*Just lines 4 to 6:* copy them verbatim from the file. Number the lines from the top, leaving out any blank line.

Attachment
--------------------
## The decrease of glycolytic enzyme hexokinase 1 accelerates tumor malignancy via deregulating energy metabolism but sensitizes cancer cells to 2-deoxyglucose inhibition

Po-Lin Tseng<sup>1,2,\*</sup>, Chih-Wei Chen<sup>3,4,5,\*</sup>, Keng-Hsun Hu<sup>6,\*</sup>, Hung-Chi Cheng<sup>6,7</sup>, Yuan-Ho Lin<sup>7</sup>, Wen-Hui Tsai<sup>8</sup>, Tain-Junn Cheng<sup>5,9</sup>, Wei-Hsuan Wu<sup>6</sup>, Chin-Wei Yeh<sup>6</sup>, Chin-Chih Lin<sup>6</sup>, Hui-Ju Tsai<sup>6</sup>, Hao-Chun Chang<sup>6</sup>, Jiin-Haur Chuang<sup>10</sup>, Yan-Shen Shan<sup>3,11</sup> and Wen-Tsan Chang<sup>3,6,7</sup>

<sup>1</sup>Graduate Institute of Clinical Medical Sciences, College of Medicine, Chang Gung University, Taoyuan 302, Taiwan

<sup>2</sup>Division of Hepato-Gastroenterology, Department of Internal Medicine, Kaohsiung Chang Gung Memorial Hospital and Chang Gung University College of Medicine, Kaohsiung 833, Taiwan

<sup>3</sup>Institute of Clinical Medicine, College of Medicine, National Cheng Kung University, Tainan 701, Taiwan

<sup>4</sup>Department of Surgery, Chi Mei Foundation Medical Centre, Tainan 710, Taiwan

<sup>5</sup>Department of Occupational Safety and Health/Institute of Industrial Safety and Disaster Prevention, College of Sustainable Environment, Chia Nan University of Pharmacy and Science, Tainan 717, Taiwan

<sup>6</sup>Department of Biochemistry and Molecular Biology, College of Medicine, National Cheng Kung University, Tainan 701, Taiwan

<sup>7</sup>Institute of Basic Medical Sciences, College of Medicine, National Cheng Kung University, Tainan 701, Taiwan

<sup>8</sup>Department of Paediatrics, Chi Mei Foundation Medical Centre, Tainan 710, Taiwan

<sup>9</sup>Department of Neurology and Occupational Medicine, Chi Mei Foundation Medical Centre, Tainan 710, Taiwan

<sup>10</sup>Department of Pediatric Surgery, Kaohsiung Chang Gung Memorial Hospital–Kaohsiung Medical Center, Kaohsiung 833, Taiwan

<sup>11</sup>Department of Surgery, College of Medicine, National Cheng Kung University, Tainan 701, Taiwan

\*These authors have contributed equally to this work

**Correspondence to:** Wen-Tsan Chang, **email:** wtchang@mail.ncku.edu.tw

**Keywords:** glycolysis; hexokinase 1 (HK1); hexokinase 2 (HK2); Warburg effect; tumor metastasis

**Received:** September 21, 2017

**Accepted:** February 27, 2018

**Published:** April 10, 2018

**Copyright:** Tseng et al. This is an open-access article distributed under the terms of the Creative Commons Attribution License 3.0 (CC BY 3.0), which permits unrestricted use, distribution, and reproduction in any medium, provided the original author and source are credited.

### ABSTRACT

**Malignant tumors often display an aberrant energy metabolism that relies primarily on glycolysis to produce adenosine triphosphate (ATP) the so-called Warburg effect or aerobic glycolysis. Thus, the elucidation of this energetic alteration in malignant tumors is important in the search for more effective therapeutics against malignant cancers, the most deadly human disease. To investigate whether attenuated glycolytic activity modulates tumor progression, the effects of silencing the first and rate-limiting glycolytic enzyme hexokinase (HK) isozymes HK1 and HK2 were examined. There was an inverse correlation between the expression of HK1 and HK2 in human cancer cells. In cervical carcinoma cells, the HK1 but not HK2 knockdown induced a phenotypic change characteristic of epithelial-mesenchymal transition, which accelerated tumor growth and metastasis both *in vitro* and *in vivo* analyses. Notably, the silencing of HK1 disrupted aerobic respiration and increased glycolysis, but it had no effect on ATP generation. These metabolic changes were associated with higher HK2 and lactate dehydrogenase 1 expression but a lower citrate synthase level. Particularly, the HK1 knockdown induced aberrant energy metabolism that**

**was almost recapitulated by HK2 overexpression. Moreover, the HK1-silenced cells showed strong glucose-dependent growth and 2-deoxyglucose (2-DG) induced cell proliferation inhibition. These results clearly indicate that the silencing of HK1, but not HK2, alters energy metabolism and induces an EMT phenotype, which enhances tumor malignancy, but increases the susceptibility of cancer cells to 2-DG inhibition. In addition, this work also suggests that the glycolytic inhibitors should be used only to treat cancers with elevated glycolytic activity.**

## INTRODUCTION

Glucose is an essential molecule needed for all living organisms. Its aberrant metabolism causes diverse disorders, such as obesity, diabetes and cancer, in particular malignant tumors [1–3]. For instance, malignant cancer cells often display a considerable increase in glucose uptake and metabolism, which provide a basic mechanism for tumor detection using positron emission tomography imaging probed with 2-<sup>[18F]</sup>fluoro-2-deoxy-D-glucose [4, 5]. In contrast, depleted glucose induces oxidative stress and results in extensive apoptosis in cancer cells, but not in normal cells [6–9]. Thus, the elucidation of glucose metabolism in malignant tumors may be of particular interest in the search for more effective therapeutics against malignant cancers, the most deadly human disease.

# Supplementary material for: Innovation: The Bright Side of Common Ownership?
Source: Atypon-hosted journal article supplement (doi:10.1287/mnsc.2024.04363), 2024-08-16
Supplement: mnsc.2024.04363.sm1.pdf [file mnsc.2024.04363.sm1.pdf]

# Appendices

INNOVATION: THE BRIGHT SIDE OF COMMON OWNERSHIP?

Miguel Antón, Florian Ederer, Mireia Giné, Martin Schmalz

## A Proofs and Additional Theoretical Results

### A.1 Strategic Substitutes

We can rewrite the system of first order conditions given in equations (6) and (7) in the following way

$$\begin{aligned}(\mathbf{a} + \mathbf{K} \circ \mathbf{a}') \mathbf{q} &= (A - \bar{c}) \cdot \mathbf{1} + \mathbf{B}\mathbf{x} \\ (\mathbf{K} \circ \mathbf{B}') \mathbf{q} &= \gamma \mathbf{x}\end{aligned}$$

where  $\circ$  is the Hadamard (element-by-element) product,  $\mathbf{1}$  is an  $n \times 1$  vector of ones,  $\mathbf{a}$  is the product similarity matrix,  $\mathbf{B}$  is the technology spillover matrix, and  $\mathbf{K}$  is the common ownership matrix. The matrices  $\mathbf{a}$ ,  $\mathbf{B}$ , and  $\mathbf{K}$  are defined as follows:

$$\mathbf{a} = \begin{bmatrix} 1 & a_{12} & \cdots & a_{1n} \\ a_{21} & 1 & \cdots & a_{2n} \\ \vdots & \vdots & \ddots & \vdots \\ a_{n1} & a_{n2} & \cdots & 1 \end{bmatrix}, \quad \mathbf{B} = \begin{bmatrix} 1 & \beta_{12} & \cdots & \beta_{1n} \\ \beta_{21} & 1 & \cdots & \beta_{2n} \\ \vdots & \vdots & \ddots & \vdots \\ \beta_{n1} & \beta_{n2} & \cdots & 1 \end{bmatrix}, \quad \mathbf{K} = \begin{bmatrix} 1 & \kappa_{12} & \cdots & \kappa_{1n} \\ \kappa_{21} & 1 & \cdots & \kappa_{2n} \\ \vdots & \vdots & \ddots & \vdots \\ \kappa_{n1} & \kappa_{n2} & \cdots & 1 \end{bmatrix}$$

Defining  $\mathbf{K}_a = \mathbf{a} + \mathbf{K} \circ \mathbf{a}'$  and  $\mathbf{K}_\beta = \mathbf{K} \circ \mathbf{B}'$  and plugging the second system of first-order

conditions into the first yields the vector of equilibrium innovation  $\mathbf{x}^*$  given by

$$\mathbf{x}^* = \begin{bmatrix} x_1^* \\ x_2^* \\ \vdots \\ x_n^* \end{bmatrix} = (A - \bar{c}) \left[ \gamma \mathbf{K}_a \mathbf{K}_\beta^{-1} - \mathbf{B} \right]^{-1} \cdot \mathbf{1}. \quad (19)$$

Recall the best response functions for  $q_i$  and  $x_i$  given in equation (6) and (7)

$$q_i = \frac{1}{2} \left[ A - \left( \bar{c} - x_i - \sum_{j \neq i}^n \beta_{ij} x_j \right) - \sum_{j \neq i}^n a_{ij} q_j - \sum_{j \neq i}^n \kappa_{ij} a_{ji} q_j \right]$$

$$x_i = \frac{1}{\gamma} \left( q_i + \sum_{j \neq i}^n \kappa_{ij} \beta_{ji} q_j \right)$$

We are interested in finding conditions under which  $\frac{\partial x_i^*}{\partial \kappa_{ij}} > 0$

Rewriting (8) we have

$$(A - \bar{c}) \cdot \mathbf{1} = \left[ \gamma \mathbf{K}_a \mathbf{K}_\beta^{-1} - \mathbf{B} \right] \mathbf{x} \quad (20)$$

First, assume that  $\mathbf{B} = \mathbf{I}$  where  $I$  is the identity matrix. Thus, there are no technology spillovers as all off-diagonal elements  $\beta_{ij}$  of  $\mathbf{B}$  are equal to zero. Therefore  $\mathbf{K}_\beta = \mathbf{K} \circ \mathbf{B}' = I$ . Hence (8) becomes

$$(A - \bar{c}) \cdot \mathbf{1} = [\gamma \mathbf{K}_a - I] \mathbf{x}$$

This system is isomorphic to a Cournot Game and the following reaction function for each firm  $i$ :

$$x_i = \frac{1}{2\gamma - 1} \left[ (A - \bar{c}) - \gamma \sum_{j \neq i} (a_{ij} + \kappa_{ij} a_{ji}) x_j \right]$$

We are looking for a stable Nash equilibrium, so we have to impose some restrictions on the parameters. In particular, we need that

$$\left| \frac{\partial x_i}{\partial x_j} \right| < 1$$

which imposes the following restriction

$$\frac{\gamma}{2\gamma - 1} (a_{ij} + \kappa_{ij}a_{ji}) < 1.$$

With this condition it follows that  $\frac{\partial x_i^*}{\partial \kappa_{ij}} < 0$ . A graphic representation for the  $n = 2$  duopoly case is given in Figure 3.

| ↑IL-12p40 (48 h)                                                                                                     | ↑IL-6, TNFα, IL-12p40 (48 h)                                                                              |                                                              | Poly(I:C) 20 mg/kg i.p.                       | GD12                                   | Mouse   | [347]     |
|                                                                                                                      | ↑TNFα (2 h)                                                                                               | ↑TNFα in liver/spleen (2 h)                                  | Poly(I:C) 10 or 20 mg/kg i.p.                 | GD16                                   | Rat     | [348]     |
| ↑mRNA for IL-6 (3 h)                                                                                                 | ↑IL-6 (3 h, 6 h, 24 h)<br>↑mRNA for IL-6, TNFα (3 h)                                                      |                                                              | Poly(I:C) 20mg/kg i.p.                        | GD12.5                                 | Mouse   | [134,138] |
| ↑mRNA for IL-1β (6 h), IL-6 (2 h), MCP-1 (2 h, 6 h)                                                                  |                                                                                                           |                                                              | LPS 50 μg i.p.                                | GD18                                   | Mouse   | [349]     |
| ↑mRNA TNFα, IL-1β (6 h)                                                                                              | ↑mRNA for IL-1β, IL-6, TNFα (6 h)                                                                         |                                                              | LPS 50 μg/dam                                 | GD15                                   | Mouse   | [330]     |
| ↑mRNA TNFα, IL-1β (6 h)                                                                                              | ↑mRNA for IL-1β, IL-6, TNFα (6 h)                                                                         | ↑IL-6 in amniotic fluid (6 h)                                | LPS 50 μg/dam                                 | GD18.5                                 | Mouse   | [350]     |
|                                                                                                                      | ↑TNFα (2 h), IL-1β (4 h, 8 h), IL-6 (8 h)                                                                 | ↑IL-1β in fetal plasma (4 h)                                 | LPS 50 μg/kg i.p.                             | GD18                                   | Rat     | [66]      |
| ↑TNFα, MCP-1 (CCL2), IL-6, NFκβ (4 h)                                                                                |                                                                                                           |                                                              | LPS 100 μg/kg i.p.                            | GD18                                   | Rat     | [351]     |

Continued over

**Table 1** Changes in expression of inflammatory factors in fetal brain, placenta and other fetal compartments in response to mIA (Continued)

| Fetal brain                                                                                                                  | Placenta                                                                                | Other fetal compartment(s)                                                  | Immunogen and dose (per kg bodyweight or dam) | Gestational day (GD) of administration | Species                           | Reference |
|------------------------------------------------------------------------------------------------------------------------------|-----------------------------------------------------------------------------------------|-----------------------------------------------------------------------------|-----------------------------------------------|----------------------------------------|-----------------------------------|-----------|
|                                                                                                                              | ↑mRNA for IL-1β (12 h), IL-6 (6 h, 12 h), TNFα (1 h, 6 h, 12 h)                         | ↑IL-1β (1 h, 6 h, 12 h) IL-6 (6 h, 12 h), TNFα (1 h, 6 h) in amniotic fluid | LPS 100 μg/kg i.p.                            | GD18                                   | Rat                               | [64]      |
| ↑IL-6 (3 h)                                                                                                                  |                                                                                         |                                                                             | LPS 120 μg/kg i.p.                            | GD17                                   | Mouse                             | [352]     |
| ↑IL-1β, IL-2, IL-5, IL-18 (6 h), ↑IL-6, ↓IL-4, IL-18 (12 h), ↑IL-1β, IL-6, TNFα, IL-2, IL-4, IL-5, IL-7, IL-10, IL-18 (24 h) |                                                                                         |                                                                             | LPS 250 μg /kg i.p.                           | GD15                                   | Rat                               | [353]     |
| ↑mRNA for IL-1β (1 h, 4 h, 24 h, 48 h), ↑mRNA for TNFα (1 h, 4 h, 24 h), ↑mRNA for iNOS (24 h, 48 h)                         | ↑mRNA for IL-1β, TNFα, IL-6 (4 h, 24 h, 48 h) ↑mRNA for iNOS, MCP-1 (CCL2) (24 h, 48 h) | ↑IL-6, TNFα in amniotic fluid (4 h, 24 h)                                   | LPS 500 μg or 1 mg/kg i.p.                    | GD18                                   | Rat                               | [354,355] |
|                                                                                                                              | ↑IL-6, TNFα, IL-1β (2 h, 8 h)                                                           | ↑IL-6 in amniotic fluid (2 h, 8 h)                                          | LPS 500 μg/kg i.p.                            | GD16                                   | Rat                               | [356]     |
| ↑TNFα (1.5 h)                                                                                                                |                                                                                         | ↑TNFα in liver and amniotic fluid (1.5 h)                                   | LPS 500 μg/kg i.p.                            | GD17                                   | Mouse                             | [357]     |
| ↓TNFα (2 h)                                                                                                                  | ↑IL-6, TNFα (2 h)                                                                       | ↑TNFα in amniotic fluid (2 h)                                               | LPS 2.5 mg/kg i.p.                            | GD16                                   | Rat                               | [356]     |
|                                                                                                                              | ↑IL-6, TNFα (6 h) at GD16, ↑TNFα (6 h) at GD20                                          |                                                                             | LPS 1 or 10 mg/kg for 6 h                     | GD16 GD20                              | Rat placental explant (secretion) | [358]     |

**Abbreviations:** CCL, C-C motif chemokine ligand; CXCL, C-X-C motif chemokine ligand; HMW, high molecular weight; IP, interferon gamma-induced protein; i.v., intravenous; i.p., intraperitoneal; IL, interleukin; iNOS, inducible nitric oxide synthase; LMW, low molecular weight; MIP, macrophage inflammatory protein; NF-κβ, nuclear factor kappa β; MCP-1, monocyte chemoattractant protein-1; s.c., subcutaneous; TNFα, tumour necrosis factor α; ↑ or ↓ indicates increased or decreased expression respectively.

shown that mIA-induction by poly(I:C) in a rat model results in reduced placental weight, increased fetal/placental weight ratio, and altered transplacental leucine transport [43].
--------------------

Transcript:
<sup>2</sup>Division of Hepato-Gastroenterology, Department of Internal Medicine, Kaohsiung Chang Gung Memorial Hospital and Chang Gung University College of Medicine, Kaohsiung 833, Taiwan

<sup>3</sup>Institute of Clinical Medicine, College of Medicine, National Cheng Kung University, Tainan 701, Taiwan

<sup>4</sup>Department of Surgery, Chi Mei Foundation Medical Centre, Tainan 710, Taiwan